Too old to be in ICT?

Triggered by the headline “Average ICT person not older than 40”, the business press commented on a publication by two very renowned research organizations in The Netherlands (ROA and CBS), a rather furious polemic started on the topic of age discrimination in the ICT industry. Is having an ICT career above 40 difficult and above 50 impossible?

The average age in ICT seems to be 38,6 years, with slight differences between the more technical and functional roles, but with only 14-16% above the age of 50 years.

Some of the reactions and their source:

  • Job hunting at 40-plus gets difficult; above 50 they have been written off completely (HR-advisor)
  • Above 40 you can’t cope with the changes constantly going on in ICT (29 year old systems manager)
  • We have a far broader knowledge than the generation born during the Windows years (50+ veteran who often needs to get the youngsters out of trouble)
  • I have seen worn out employees of 28 and sparkling ones of 60 (HR Director)
  • If two about the same individuals for the same job apply the older one is more expensive so we hire the younger one (HR professional)
  • They might be Euro 30 cheaper an hour but what they mess up because of their lack of experience will be far more costly (50+ freelance project manager)
  • When the HR departments see a birth date before 1960 they don’t even answer the letter (48 year old IT-specialist)

Personally, I always just looked for drive and talent when hiring employees. Age, gender, and race have never been a prime consideration in selecting the right person. And if, then only as positive discrimination: we need e.g. still more woman in ICT. You could ask if turning to a 50+ myself has influenced me in this not discriminating hiring. I don’t believe so. I once hired an 18 year old high school drop-out because he had talent, had a sharp mind and was not afraid to fight for his case. Managerial not the easiest choice but he paid back the company and thus himself tenfold. A number of my 50+ hires, both in consultancy and sales, proved to be very worthwhile and absolutely were bringing in the value that they might have cost more. In a team, if possible I looked for a broad spectrum of backgrounds because it enriches the personal dialogues and understanding between colleagues. Lunch discussions about music, friends and cars can get boring unless they are intertwined with stories about (grand)children, retirement plans and wine tasting. No generation gaps and especially the younger ones liked it.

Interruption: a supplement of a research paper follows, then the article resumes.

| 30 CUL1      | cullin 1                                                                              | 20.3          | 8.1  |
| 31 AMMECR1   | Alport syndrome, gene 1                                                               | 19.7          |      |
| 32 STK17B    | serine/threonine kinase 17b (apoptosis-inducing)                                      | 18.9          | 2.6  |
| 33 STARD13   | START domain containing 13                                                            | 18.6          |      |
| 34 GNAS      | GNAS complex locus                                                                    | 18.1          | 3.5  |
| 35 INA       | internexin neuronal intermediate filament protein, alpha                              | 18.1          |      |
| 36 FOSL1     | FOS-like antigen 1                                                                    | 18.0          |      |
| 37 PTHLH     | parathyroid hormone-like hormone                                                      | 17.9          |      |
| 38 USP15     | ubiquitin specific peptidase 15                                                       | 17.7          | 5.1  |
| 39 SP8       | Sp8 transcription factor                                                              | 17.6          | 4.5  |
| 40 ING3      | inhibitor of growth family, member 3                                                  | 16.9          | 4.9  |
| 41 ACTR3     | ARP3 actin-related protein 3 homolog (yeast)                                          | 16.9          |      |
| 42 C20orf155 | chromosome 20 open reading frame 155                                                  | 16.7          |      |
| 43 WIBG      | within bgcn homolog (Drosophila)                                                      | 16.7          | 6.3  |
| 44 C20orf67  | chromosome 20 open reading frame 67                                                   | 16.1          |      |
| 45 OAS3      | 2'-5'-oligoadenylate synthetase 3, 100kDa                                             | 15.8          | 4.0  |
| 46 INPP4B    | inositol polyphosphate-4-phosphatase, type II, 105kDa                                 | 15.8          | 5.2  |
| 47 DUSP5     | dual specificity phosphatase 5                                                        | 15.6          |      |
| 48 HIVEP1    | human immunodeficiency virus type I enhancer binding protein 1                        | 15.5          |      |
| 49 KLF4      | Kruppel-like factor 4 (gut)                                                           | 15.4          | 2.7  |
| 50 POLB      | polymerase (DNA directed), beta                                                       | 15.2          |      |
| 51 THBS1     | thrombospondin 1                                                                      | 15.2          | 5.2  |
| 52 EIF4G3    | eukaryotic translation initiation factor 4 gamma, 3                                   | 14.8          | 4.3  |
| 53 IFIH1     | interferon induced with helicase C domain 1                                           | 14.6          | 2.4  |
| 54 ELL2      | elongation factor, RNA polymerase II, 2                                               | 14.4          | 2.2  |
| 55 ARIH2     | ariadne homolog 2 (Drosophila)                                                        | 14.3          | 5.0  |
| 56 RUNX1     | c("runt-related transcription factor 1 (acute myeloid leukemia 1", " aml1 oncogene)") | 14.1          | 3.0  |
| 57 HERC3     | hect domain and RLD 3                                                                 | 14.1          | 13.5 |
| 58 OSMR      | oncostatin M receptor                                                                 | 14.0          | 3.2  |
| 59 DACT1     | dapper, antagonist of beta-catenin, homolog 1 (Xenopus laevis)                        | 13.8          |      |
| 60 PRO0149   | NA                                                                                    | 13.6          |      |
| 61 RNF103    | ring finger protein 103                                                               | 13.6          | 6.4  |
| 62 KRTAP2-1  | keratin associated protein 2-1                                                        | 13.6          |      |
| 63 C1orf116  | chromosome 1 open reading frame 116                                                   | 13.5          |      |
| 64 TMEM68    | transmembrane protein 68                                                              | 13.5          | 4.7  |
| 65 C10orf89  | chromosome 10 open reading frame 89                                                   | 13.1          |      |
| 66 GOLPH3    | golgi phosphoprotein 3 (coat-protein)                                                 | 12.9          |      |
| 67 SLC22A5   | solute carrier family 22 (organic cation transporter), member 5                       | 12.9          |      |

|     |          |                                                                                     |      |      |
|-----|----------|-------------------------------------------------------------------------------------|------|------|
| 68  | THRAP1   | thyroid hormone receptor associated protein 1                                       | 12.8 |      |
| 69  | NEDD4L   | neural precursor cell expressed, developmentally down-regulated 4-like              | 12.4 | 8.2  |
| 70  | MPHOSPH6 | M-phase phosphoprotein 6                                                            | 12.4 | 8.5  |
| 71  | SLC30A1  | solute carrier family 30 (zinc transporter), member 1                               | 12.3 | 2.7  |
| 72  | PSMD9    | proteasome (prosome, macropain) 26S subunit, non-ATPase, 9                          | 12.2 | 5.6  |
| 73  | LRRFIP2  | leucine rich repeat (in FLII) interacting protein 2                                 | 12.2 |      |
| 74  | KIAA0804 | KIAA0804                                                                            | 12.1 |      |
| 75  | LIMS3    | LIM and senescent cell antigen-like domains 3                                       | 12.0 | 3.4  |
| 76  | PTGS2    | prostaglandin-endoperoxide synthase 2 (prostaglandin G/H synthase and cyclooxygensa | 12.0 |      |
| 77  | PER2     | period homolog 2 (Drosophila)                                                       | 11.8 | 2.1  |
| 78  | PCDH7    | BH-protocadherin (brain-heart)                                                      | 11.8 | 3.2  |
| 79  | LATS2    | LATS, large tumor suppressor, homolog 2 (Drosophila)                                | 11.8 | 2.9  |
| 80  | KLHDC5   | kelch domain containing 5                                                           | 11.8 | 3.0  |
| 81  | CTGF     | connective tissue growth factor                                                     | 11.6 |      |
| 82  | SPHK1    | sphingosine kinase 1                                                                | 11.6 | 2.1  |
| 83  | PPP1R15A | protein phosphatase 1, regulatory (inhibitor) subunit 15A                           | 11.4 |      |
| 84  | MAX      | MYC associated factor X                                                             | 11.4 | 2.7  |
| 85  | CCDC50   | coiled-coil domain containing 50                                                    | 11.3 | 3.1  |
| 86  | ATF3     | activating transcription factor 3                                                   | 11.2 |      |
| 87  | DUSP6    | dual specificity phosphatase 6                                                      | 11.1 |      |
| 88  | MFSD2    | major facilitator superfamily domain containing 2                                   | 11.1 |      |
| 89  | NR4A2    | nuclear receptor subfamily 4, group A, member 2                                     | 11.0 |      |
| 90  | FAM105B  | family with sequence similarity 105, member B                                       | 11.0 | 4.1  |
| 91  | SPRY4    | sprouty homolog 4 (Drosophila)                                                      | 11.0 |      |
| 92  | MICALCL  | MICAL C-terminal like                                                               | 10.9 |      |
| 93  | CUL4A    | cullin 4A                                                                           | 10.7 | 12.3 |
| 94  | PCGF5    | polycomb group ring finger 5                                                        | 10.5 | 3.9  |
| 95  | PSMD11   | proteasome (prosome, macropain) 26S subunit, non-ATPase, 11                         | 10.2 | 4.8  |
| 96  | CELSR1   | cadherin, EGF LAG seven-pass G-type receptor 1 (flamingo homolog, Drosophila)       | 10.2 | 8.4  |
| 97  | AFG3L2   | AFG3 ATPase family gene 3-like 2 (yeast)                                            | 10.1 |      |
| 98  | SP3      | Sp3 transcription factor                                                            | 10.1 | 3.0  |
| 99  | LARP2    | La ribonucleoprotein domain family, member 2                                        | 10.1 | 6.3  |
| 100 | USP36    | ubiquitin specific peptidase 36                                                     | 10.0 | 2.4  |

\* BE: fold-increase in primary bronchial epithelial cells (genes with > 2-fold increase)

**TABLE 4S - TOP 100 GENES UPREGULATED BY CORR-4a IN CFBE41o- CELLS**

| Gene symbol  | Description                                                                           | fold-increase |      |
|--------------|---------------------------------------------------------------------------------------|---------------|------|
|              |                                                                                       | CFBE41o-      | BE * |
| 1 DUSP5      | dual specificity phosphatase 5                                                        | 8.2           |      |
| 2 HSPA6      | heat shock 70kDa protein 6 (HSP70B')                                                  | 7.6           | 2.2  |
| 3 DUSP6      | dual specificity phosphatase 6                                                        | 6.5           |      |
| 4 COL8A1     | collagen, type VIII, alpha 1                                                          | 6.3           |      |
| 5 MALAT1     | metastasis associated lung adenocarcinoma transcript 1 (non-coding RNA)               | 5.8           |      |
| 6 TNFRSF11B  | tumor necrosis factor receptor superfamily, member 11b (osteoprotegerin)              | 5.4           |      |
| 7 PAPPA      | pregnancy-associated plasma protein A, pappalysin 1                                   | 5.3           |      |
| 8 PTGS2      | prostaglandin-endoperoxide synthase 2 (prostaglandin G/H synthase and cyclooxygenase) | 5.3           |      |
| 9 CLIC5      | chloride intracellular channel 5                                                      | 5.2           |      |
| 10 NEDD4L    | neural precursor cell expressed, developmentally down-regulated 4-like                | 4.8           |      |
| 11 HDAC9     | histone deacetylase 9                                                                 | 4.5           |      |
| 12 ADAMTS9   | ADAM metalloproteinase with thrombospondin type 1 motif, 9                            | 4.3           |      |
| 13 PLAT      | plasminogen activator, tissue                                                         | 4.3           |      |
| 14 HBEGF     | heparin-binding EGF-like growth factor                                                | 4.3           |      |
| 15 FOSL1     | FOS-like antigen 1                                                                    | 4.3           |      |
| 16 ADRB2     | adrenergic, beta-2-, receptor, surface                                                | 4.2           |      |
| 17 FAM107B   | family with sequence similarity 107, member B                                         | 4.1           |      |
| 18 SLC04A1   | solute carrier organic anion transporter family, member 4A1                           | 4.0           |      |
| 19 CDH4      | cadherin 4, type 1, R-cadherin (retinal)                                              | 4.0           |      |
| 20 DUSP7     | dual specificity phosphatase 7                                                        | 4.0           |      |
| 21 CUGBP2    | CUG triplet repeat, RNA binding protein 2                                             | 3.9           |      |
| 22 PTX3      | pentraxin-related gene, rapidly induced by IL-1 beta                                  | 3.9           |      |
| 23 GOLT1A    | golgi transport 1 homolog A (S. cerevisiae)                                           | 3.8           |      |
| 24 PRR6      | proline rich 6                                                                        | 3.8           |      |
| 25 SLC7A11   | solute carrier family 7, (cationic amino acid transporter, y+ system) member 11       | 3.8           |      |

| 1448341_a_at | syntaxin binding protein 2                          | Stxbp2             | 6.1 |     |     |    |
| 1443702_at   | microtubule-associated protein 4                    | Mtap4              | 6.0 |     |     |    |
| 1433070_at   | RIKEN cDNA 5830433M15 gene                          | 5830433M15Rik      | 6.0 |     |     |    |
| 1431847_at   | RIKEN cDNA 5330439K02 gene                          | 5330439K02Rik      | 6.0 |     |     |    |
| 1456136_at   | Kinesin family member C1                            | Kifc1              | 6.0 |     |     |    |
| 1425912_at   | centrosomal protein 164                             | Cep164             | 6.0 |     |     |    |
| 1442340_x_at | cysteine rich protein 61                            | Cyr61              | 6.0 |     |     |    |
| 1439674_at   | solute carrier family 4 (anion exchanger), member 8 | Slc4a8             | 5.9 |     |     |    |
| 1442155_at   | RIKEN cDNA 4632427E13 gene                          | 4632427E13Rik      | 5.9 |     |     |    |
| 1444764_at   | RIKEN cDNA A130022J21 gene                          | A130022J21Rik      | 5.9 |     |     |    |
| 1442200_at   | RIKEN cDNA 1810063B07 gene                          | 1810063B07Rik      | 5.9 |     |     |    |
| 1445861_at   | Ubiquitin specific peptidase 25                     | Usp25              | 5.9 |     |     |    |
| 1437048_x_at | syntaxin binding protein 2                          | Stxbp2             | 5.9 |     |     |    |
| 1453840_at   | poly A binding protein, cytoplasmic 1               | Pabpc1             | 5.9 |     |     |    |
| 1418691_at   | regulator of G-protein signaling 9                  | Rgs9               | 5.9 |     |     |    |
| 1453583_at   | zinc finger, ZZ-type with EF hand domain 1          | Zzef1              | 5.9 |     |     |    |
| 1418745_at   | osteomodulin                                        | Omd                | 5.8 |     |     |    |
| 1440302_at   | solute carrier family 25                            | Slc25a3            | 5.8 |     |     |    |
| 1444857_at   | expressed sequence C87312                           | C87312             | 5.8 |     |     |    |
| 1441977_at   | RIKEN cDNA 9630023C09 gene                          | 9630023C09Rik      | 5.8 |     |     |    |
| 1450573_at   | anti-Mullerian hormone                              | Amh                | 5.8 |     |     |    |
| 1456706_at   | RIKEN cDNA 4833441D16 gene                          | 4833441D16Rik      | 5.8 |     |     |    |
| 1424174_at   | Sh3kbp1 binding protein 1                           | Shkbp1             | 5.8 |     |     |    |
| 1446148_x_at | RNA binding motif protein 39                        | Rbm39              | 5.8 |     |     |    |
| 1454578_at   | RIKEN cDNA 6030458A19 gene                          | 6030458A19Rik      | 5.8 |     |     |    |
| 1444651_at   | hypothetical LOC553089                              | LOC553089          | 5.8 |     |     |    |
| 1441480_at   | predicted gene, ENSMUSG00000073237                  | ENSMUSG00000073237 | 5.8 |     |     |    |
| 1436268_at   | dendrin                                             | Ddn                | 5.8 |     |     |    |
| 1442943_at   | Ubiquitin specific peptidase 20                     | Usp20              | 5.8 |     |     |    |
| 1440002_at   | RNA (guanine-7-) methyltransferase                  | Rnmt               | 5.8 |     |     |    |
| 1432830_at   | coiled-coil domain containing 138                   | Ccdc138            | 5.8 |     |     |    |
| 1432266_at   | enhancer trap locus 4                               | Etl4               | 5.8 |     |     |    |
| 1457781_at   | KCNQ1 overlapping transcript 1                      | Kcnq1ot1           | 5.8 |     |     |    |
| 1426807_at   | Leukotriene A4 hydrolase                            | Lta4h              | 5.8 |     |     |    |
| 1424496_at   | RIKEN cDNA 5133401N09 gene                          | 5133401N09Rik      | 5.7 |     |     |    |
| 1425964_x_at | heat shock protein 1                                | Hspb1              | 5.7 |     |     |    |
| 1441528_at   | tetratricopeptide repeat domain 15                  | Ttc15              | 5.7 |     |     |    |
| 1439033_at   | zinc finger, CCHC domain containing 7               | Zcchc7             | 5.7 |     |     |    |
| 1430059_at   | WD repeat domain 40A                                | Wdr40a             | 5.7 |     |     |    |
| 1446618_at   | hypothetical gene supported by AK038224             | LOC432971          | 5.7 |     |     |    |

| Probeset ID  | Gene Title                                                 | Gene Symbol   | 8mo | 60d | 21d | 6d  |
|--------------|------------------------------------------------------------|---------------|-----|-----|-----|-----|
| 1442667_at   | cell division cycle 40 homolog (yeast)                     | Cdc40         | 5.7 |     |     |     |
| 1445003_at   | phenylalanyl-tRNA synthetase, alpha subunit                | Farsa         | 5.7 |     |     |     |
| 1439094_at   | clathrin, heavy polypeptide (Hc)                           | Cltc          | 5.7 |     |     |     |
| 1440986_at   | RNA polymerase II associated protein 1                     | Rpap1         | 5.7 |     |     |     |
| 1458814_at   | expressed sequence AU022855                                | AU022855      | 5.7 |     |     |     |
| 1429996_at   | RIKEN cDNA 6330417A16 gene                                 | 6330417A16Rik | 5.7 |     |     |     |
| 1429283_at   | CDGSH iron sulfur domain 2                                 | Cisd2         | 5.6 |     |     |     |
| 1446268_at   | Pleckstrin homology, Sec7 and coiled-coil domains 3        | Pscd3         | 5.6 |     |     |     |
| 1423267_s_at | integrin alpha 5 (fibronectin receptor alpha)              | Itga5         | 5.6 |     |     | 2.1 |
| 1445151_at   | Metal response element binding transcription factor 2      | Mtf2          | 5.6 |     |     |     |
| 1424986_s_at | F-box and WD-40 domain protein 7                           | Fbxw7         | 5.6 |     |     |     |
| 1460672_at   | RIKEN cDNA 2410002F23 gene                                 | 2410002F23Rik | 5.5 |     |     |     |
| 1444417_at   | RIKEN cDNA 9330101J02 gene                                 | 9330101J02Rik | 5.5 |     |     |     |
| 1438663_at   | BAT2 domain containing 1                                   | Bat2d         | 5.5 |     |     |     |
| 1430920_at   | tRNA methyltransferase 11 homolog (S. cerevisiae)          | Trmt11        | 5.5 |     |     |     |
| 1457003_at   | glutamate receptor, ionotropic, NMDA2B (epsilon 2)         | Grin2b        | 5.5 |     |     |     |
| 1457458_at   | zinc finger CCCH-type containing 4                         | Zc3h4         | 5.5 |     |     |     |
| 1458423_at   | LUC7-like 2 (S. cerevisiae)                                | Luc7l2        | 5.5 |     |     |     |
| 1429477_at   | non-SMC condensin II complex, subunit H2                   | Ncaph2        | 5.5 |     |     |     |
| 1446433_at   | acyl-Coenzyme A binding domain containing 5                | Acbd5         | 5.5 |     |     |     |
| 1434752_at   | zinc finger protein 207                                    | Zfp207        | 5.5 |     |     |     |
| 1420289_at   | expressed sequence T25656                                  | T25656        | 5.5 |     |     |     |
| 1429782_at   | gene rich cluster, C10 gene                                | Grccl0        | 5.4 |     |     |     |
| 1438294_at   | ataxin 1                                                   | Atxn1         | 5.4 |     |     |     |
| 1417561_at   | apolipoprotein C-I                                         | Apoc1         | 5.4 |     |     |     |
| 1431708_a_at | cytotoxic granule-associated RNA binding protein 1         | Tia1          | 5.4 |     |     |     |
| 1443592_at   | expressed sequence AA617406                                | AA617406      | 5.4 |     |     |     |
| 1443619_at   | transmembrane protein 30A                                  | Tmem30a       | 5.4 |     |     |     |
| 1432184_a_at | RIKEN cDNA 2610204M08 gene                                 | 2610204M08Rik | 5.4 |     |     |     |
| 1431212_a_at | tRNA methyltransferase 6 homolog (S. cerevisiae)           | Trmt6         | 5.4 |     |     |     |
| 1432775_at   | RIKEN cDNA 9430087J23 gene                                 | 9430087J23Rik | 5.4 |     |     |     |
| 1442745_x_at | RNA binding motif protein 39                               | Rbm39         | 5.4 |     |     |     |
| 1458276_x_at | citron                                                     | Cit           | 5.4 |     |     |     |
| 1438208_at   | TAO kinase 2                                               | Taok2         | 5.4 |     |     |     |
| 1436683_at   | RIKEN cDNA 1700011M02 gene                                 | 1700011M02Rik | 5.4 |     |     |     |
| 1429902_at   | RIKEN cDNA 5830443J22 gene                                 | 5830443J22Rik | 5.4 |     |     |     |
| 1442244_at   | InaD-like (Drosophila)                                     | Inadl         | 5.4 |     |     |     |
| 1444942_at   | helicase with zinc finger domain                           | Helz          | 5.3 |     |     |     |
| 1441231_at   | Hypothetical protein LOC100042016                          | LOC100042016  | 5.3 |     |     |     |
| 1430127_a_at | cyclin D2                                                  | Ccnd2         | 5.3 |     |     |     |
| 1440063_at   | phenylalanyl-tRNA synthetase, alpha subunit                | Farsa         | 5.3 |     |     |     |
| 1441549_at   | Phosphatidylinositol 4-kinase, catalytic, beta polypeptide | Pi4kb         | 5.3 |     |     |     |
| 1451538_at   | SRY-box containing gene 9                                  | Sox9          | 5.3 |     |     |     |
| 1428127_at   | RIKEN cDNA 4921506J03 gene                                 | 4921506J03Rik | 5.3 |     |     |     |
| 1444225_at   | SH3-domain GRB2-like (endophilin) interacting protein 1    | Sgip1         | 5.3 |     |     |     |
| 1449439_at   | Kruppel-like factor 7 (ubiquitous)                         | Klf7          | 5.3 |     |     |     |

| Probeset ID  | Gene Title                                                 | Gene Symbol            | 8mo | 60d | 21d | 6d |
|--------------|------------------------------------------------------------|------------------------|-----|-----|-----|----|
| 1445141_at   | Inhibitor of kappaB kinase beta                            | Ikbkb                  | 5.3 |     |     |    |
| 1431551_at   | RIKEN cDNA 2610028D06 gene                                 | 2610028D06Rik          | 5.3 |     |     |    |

As far as I can remember, I never fired somebody for his or her age only. Individual performance and attitude vs. business needs and rules were always the basis. Both trade unions and some HR managers act wrongly here in my opinion. Neither last-in/first-out principles nor early retirement for cost reasons are the right way to choose. A solid sustainable organization needs a balanced crew, mirroring society. And since our western society is inevitably getting grayer and birth rates are ever decreasing, we need to pay for this by working longer. ICT will need the 50+ generation more than they know. So keep investing in anybody that wants to learn and shows a drive to evolve with the times, regardless of age.

Please share me your thoughts on this.

hans.van.nes@results2match.com


Back to top